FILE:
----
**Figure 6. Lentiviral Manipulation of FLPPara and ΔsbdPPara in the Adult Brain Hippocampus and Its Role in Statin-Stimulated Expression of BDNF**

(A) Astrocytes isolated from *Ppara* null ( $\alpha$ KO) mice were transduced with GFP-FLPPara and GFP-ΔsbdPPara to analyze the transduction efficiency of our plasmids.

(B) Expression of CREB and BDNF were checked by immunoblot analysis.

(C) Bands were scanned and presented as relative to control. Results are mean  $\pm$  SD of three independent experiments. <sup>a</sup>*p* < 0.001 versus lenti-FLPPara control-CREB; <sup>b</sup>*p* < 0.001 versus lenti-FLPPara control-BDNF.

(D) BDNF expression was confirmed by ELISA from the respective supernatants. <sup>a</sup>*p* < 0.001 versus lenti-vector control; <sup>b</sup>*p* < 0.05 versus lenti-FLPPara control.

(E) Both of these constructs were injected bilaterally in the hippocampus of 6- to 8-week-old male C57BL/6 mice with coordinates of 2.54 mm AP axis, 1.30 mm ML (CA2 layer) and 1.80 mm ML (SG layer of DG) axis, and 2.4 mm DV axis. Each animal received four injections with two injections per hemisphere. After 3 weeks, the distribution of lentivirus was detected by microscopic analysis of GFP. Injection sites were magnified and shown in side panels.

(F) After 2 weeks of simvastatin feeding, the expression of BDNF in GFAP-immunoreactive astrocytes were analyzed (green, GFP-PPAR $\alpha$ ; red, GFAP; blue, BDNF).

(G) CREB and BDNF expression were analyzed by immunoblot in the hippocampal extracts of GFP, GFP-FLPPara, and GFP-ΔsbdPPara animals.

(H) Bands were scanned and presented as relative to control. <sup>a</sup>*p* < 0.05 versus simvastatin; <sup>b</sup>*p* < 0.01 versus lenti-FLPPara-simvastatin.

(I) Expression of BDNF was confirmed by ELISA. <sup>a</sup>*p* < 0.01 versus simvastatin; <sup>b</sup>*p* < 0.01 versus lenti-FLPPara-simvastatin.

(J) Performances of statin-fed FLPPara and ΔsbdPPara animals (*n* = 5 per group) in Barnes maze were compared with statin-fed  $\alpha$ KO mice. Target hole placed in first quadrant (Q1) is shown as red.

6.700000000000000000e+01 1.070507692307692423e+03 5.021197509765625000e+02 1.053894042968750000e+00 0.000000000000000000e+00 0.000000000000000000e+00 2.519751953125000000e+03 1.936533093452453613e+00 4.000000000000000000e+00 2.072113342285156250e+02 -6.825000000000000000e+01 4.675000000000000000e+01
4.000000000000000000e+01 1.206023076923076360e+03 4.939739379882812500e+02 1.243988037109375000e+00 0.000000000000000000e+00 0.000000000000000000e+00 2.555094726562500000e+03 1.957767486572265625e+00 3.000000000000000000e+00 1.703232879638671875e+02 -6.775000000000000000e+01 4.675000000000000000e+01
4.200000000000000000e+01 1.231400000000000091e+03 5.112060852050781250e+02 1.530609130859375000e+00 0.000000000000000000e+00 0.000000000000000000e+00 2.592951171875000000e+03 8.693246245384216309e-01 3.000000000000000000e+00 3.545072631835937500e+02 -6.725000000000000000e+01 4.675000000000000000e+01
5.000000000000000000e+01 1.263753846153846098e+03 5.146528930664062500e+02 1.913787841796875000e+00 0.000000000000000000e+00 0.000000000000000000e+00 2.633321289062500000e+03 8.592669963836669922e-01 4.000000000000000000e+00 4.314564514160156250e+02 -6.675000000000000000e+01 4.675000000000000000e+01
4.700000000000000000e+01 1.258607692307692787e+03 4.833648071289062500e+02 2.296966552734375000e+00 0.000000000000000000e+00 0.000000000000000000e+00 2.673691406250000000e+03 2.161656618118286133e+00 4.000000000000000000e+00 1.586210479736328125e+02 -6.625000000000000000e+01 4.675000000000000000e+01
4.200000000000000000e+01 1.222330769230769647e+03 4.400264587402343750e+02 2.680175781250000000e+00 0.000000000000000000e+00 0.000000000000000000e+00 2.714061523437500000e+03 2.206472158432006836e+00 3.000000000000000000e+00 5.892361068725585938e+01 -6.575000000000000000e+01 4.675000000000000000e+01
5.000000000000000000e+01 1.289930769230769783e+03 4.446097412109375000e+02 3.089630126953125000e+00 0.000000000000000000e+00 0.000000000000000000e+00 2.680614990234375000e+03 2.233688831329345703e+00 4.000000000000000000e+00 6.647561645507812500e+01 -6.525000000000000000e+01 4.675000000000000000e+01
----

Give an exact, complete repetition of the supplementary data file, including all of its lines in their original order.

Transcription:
**Figure 6. Lentiviral Manipulation of FLPPara and ΔsbdPPara in the Adult Brain Hippocampus and Its Role in Statin-Stimulated Expression of BDNF**

(A) Astrocytes isolated from *Ppara* null ( $\alpha$ KO) mice were transduced with GFP-FLPPara and GFP-ΔsbdPPara to analyze the transduction efficiency of our plasmids.

(B) Expression of CREB and BDNF were checked by immunoblot analysis.

(C) Bands were scanned and presented as relative to control. Results are mean  $\pm$  SD of three independent experiments. <sup>a</sup>*p* < 0.001 versus lenti-FLPPara control-CREB; <sup>b</sup>*p* < 0.001 versus lenti-FLPPara control-BDNF.

(D) BDNF expression was confirmed by ELISA from the respective supernatants. <sup>a</sup>*p* < 0.001 versus lenti-vector control; <sup>b</sup>*p* < 0.05 versus lenti-FLPPara control.

(E) Both of these constructs were injected bilaterally in the hippocampus of 6- to 8-week-old male C57BL/6 mice with coordinates of 2.54 mm AP axis, 1.30 mm ML (CA2 layer) and 1.80 mm ML (SG layer of DG) axis, and 2.4 mm DV axis. Each animal received four injections with two injections per hemisphere. After 3 weeks, the distribution of lentivirus was detected by microscopic analysis of GFP. Injection sites were magnified and shown in side panels.

(F) After 2 weeks of simvastatin feeding, the expression of BDNF in GFAP-immunoreactive astrocytes were analyzed (green, GFP-PPAR $\alpha$ ; red, GFAP; blue, BDNF).

(G) CREB and BDNF expression were analyzed by immunoblot in the hippocampal extracts of GFP, GFP-FLPPara, and GFP-ΔsbdPPara animals.

(H) Bands were scanned and presented as relative to control. <sup>a</sup>*p* < 0.05 versus simvastatin; <sup>b</sup>*p* < 0.01 versus lenti-FLPPara-simvastatin.

(I) Expression of BDNF was confirmed by ELISA. <sup>a</sup>*p* < 0.01 versus simvastatin; <sup>b</sup>*p* < 0.01 versus lenti-FLPPara-simvastatin.

(J) Performances of statin-fed FLPPara and ΔsbdPPara animals (*n* = 5 per group) in Barnes maze were compared with statin-fed  $\alpha$ KO mice. Target hole placed in first quadrant (Q1) is shown as red.

6.700000000000000000e+01 1.070507692307692423e+03 5.021197509765625000e+02 1.053894042968750000e+00 0.000000000000000000e+00 0.000000000000000000e+00 2.519751953125000000e+03 1.936533093452453613e+00 4.000000000000000000e+00 2.072113342285156250e+02 -6.825000000000000000e+01 4.675000000000000000e+01
4.000000000000000000e+01 1.206023076923076360e+03 4.939739379882812500e+02 1.243988037109375000e+00 0.000000000000000000e+00 0.000000000000000000e+00 2.555094726562500000e+03 1.957767486572265625e+00 3.000000000000000000e+00 1.703232879638671875e+02 -6.775000000000000000e+01 4.675000000000000000e+01
4.200000000000000000e+01 1.231400000000000091e+03 5.112060852050781250e+02 1.530609130859375000e+00 0.000000000000000000e+00 0.000000000000000000e+00 2.592951171875000000e+03 8.693246245384216309e-01 3.000000000000000000e+00 3.545072631835937500e+02 -6.725000000000000000e+01 4.675000000000000000e+01
5.000000000000000000e+01 1.263753846153846098e+03 5.146528930664062500e+02 1.913787841796875000e+00 0.000000000000000000e+00 0.000000000000000000e+00 2.633321289062500000e+03 8.592669963836669922e-01 4.000000000000000000e+00 4.314564514160156250e+02 -6.675000000000000000e+01 4.675000000000000000e+01
4.700000000000000000e+01 1.258607692307692787e+03 4.833648071289062500e+02 2.296966552734375000e+00 0.000000000000000000e+00 0.000000000000000000e+00 2.673691406250000000e+03 2.161656618118286133e+00 4.000000000000000000e+00 1.586210479736328125e+02 -6.625000000000000000e+01 4.675000000000000000e+01
4.200000000000000000e+01 1.222330769230769647e+03 4.400264587402343750e+02 2.680175781250000000e+00 0.000000000000000000e+00 0.000000000000000000e+00 2.714061523437500000e+03 2.206472158432006836e+00 3.000000000000000000e+00 5.892361068725585938e+01 -6.575000000000000000e+01 4.675000000000000000e+01
5.000000000000000000e+01 1.289930769230769783e+03 4.446097412109375000e+02 3.089630126953125000e+00 0.000000000000000000e+00 0.000000000000000000e+00 2.680614990234375000e+03 2.233688831329345703e+00 4.000000000000000000e+00 6.647561645507812500e+01 -6.525000000000000000e+01 4.675000000000000000e+01